The challenge of reverse sexism

I was watching “The Voice UK” on Saturday night, the second episode of the battle rounds. Whilst enjoying the amazing performances from all of the competitors, something stuck in my craw.

The battle between Jake and Stephen was amazing, with both singers giving it their all. Then it came time for judges’ comments. Rita Ora was first, and her first comment was that they were two “sexy fellas”. Then Ricky Wilson chimed in, saying that Stephen had an “OK body”, which drew wolf whistles from the audience. Both Stephen and Jake looked incredibly uncomfortable with this exchange.

When I hear comments like this about male contestants on reality shows (and there have been plenty of instances on other shows, such as “Strictly Come Dancing”) I try and imagine the reaction if something like that was said about one of the female contestants. The women on these shows are often referred to as pretty or good looking, but if anyone dared to refer to them as “sexy gals” or commented on their bodies, there would immediately be complaints to the BBC about sexism and objectification.

I think that for some years, we have been sleep-walking into a media and social world where reverse sexism and the objectification of men is becoming commonplace and acceptable, even considered to be a joke. We say we’re only “poking fun”. That these men should be flattered that we find them so attractive. Where have we heard these arguments before?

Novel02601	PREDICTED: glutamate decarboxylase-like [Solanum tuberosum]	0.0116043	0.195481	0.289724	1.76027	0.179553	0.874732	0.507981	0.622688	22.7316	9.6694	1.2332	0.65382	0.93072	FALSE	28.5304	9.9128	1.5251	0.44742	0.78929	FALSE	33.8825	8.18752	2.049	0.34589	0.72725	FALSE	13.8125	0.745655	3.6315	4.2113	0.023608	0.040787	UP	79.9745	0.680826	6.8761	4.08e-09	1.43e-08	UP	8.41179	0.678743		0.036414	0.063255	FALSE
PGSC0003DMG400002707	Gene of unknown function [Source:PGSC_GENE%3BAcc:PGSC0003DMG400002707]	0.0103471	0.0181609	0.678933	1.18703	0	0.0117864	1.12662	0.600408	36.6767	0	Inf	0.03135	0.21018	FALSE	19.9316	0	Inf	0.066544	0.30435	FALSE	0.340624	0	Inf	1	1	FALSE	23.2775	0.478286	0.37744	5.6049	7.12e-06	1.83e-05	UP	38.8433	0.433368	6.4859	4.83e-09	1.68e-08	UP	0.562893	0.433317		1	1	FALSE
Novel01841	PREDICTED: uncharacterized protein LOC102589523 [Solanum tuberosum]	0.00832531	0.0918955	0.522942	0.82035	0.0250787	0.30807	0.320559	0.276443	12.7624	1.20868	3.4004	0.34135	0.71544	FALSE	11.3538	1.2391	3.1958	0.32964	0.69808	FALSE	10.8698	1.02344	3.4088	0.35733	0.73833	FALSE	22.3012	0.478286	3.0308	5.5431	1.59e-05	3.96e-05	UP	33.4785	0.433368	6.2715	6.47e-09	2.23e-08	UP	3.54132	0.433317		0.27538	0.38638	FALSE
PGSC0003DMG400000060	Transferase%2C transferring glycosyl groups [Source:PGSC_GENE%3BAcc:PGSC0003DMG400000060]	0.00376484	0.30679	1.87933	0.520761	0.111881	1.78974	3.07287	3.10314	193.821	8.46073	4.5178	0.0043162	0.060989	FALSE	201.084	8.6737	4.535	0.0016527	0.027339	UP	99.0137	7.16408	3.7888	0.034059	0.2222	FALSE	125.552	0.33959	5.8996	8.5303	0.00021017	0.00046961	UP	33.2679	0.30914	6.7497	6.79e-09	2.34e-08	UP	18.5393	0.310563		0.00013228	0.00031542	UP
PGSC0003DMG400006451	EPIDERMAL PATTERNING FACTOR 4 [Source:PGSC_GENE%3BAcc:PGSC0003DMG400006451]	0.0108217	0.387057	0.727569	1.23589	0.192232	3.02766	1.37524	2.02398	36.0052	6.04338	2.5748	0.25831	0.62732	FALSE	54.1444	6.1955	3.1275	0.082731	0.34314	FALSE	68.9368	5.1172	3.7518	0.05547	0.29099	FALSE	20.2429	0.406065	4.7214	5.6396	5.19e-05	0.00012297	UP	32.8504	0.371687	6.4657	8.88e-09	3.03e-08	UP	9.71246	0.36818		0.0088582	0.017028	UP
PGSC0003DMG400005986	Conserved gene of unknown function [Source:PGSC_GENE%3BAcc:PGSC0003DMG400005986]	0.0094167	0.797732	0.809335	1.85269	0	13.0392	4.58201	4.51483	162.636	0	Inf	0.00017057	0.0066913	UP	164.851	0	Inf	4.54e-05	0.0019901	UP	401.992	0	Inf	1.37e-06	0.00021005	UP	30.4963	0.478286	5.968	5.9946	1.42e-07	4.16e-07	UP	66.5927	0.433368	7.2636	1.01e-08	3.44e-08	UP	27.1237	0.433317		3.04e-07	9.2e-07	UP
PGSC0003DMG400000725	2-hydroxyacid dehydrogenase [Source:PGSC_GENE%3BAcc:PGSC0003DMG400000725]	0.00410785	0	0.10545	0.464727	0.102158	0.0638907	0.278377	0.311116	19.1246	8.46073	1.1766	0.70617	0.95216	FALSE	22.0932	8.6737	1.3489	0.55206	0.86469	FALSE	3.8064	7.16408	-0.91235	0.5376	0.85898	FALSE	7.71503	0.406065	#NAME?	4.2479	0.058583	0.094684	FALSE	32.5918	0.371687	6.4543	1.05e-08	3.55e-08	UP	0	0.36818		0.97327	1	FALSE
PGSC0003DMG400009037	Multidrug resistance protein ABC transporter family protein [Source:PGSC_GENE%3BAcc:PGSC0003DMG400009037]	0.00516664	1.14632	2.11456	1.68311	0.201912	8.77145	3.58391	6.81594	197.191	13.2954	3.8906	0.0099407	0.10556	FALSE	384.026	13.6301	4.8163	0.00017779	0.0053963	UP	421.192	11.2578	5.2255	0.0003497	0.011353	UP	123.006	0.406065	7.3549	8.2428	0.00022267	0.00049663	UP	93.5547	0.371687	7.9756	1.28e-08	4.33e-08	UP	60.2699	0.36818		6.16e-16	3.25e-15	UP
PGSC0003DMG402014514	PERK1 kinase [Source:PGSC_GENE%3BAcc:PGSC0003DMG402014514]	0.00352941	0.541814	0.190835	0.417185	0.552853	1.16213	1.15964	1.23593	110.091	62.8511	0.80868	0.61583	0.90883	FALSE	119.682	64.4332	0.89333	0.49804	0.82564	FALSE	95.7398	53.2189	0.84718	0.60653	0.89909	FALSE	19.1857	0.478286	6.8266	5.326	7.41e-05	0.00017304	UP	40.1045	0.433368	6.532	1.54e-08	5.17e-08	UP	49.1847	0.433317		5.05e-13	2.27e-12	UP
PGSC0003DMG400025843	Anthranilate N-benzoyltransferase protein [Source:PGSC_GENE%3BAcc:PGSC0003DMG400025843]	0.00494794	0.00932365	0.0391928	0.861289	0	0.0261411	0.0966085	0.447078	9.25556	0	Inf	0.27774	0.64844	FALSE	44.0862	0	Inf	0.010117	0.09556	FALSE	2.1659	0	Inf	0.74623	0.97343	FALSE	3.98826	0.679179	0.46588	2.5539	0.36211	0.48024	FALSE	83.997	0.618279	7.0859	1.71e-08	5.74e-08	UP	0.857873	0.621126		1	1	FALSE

“The Voice UK” is a show which is meant to be about the contestants’ voices, not how they look. Of course, looks do come into it as we are programmed from a young age to value good looks over almost anything else, but they certainly shouldn’t be the first thing the judges comment on.

I felt sorry for both Jake and Stephen that their performances were somewhat devalued by the comments about their appearance. It would be great if such comments about male contestants on shows like this, and about good looking males in general, became just as socially unacceptable as sexism and the objectification of women are today.

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About Liz Terry

I love to write, and have had quite a few articles published over the years. I write non-fiction on all sorts of subjects, including my own life and what matters to me. I write a blog, called "My Random Ramblings", which you can access by clicking to view my complete profile and then clicking on the link at the bottom. I've also wrote a new blog in 2013 called "The 365 Project - a photo diary in words". Intrigued? Then you need to click to view my complete profile and click on the relevant link at the bottom.
This entry was posted in Body Image, Feminism, Media, Sexism and tagged , , , , , , , , . Bookmark the permalink.

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